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"Still I Will Find Ways to Open Myself": An Interview with Kate Wyer

Kate Wyer lives in Baltimore. Her writing has appeared in Wigleaf, Unsaid, <kill author, PANK, Exquisite Corpse, and past issues of The Collagist. She attended the Summer Literary Seminars in Lithuania on a fellowship from Fence. Wyer has completed a novella and is at work on a second. She is employed in the public mental health system of Maryland.

Her story, "Land Beast, Part Two," appeared in Issue Forty-Nine of The Collagist.

Here, she speaks with interviewer Elizabeth Deanna Morris about the language of animals and the economy of bodies.

Could you talk about writing “Land Beast, Part Two”? What was it like to write a sequel to a short story?

It’s less a sequel and more of a continuation. I divided the story into parts because it felt like there should be a pause when the two rhinos meet. I also wanted readers to spend more time with her alone, to feel more, before the story shifted. I knew there would be a lot of time for the two to interact in confinement. I’m still working on Land Beast.

I had a friend from undergrad that came back from a workshop in which a classmate had written a story about a family going through a divorce from the perspective of the family cat. The workshop did not go well, because no one understood why the cat mattered--it was more of a novelty then anything. Here, though, we aren’t viewing human actions through the eyes of a beast (at least, not as the main thrust of the story) but instead understanding the beast interacting with its environment and other caged animals. Why tell this beast’s story from her perspective? How did you balance writing the life of a non-human animal in a human language?

That workshop sounds unfortunate. I hope that writer didn’t end up too discouraged to try again. I say, if there has to be a divorce story, be the cat. The cat matters.

I choose my rhino’s story because she matters. I saw a picture of an Asian rhino who had had her horn chainsawed off her face. The picture hit me. It hurt.

If I thought too much about it, I wouldn’t have been able to write the story. I found myself saying, Would a rhino say that?, but that question was just so ridiculous I had to let it all go and just write what was coming. I did get a little tripped up on whether or not the rhino would say attenuated, when she says a blanket felt like “attenuated mud.” Now, was that pushing it? Was that word in her vocabulary? Ha. I went for it.

When it comes down to it, I’m a land beast. It is my hope that the story of a brutalized female experiencing the loss of her child and her freedom transcends the boundaries of her species.

In “Land Beast,” we learn that the speaker killed a woman who was trying to get the beast to stop eating her mustard greens. In “Part Two,” the beast says “They have women handle me. Before these women, the closest I had been to one was the one I killed. The smell of that kill flares in my nose and makes me pant. How easily my body humiliates me. Shames me.” Could you talk about how the body figures into this piece and your writing, generally?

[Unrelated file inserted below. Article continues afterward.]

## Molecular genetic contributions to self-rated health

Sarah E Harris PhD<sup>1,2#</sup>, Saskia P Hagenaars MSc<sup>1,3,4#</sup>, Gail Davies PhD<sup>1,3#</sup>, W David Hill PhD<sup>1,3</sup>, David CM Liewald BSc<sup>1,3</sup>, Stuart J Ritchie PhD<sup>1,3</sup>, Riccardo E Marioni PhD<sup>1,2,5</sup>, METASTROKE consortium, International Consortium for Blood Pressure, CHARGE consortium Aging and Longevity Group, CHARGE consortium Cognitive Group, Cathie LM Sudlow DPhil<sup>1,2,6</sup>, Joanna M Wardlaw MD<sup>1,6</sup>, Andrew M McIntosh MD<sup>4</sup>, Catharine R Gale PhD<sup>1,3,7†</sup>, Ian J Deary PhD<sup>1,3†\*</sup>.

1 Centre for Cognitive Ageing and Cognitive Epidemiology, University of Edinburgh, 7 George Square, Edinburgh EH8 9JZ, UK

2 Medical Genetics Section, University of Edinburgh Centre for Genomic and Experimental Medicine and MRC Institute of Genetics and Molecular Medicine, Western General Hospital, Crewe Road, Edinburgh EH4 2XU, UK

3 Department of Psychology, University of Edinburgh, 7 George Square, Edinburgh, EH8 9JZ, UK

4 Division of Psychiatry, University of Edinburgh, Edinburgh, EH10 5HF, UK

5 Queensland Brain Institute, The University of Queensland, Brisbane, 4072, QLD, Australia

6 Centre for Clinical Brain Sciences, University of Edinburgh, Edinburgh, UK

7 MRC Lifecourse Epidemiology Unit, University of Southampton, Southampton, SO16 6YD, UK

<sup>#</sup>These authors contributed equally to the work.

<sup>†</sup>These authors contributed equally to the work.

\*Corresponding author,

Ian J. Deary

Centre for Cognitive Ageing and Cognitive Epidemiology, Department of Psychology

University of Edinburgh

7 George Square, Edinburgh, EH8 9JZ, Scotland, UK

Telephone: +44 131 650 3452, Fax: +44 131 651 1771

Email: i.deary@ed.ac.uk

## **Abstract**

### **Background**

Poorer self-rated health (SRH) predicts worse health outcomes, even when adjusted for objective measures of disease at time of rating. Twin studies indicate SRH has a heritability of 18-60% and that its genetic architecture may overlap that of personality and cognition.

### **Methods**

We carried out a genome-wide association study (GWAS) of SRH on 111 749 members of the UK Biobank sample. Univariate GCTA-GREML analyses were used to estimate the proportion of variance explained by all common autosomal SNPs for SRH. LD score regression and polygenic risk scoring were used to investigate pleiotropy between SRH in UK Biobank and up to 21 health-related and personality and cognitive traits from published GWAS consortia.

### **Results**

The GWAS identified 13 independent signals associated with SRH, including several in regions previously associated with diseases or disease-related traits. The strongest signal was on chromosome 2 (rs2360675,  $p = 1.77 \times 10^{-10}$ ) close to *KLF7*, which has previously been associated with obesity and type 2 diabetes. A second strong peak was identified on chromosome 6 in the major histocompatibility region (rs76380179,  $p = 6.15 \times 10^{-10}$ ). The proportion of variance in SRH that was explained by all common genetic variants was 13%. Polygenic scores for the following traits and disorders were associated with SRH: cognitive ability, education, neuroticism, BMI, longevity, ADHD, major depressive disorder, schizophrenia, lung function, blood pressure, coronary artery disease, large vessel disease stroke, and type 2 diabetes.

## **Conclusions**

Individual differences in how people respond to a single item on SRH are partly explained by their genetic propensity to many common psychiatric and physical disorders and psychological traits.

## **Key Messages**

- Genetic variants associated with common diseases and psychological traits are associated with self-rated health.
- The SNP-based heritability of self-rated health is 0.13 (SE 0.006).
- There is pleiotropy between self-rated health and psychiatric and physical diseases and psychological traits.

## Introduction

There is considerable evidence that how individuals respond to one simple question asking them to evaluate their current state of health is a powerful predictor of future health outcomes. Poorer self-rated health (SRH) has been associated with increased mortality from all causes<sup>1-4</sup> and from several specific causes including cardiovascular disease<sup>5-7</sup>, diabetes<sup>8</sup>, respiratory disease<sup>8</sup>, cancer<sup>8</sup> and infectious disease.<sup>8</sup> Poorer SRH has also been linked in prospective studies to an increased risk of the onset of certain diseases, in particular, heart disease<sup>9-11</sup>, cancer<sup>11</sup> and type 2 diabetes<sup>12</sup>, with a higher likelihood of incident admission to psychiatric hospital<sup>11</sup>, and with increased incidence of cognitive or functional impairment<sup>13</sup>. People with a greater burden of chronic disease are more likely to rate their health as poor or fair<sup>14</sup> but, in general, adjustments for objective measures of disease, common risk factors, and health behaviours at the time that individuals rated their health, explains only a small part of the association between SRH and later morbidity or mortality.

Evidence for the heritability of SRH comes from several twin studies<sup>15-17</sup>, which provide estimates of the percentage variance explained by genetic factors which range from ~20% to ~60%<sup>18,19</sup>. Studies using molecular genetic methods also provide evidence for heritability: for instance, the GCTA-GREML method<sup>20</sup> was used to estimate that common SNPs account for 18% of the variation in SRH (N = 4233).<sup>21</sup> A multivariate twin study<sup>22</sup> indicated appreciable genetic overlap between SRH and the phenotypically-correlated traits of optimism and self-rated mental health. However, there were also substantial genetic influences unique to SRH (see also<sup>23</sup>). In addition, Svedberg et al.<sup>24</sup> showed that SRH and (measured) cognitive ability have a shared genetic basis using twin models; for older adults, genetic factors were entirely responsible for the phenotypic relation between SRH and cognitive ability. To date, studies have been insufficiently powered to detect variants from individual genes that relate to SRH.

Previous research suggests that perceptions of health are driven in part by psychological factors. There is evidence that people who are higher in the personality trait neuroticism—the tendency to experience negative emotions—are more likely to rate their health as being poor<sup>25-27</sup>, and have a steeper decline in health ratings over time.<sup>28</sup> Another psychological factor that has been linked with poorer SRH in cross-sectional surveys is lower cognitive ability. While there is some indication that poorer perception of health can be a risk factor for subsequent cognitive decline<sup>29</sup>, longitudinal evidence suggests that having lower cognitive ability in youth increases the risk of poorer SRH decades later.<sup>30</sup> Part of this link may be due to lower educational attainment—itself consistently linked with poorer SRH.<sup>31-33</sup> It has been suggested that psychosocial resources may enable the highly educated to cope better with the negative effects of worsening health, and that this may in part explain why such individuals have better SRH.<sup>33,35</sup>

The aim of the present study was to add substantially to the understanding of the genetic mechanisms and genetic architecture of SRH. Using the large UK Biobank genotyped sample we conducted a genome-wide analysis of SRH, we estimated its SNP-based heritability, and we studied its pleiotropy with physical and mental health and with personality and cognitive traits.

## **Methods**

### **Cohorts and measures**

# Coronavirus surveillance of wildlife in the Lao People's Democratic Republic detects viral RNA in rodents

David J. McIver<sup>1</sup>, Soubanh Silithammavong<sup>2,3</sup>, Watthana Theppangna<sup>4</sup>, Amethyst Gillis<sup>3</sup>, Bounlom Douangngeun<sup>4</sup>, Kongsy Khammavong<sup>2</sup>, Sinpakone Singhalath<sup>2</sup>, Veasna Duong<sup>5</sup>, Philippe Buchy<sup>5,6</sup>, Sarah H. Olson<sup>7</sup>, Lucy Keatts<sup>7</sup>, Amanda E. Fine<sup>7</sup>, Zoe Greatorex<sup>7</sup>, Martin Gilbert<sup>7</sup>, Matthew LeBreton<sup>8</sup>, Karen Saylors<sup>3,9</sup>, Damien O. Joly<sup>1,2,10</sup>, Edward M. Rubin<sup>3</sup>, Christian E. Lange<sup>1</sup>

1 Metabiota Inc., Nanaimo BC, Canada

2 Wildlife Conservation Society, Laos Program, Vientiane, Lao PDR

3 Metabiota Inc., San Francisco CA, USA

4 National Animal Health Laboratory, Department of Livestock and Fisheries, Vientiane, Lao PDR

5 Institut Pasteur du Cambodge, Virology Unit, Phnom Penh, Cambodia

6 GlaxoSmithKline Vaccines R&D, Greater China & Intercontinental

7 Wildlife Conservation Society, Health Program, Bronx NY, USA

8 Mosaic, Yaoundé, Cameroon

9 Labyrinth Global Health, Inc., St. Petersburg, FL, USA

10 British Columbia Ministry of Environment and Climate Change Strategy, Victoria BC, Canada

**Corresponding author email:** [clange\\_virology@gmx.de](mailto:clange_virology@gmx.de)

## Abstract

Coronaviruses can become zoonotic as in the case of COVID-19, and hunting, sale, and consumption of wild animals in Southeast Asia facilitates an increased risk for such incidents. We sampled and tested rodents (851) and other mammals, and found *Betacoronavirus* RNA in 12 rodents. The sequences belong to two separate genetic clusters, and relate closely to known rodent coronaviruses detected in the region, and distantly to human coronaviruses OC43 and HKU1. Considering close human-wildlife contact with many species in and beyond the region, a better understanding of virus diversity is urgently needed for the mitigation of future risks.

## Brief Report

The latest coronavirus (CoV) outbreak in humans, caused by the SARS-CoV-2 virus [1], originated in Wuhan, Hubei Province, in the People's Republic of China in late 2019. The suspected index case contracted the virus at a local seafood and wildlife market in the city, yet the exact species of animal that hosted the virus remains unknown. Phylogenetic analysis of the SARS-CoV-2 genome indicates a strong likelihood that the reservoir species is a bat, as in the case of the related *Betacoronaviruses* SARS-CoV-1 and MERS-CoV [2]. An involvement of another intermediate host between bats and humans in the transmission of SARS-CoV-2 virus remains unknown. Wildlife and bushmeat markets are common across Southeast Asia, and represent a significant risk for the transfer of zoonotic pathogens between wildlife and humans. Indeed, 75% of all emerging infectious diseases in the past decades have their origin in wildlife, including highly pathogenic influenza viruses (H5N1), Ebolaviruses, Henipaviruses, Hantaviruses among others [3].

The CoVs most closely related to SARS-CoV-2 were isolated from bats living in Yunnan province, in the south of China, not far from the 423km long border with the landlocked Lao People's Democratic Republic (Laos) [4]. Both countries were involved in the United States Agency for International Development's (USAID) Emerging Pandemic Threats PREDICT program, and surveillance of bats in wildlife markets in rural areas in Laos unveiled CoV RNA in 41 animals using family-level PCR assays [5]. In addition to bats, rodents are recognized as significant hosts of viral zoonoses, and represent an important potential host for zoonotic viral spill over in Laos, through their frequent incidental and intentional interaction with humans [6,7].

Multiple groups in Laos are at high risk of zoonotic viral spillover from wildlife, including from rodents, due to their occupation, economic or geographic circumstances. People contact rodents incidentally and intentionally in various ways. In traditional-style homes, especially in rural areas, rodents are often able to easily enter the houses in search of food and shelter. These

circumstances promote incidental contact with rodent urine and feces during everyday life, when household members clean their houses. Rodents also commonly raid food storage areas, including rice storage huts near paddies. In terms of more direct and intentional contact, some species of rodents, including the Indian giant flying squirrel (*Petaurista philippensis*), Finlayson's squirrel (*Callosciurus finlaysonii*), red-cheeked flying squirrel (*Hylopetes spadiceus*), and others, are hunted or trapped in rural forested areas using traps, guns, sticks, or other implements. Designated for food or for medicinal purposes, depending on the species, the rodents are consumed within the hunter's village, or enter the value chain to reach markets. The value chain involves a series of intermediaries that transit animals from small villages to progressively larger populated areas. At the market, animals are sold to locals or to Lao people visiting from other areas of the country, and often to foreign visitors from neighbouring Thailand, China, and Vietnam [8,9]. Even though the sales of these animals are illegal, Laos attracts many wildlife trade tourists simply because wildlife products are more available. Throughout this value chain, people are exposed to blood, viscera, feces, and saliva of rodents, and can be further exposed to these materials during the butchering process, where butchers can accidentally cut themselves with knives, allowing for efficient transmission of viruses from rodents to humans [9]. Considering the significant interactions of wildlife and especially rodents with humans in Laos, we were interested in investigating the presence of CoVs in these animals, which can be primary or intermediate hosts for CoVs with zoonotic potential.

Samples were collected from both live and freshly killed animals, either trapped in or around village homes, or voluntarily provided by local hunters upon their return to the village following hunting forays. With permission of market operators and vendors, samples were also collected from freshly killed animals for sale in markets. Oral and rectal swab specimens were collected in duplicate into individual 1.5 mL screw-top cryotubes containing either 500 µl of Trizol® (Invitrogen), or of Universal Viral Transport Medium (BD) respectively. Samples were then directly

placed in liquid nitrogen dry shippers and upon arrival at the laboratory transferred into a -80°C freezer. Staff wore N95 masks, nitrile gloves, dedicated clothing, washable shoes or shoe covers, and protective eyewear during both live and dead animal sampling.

Land Beast is definitely about a loss of control over what happens to her body. She was drugged and then her body was mutilated for profit. The story comes from my real anger and despair about the economy of bodies. I mean that in the broadest sense, not just poaching and not just beasts.

When I was writing the story I became interested in how the mind is often not able to control the body. I enjoyed writing from the point of view of a rhino because they have terrible eye sight and a very, very strong sense of smell. I was able to imagine seeing through smelling and what that would mean for memory. The immediacy of smell. In my imagining, the smell completely overwhelms her and places her back in that field. Her body brings her back to violence.

The body also overpowered her grieving, or I should say, compounded it, when she thought about mating and having another calf. She felt desire and then became angry with her body for moving on before her mind processed her grief.

I have a fear of anesthesia because I can’t control who touches my body when I’m under. That fear definitely played a role in writing her story. I wrote a story that was in Issue Eleven of The Collagist back in ’10 that came from an opposite point of view—it was loosely based on Michael Jackson’s near constant desire to be unconscious.  When I write about the body, I’m writing about control. Writing a story from the point of view of an animal allowed me both distance and intimacy.

What are some of the best things that you read in 2013?

Baltimore writers had a really good year. Heather Rounds wrote a book called There (Emergency Press) that is a fictionalized account of her time as a reporter in Kurdistan. Jen Michalski had The Tide King (Black Lawrence Press), which is hard to sum up—it’s about what happens when a solider in WWII is given a Polish immorality herb.

I also read all of the English poet Alice Oswald’s work. I especially loved her Dart, which is a book-length prose poem in the voice of the huge (and deadly) river Dart in Devon, England.

What else have you been writing recently?

I started a new novel. There are three characters: a girl, a cow, and a monk. There isn’t much talking, since one of the characters is a cow, and another is a monk who has taken a vow of silence.  

I have a novella, titled Black Krim, that’s ready for the world.

And, as an aside, I want to mention that the Western Black Rhinoceros went extinct in 2013. The International Rhino Foundation is one conversation organization working hard on behalf of the remaining animals. I recommend visiting their site.

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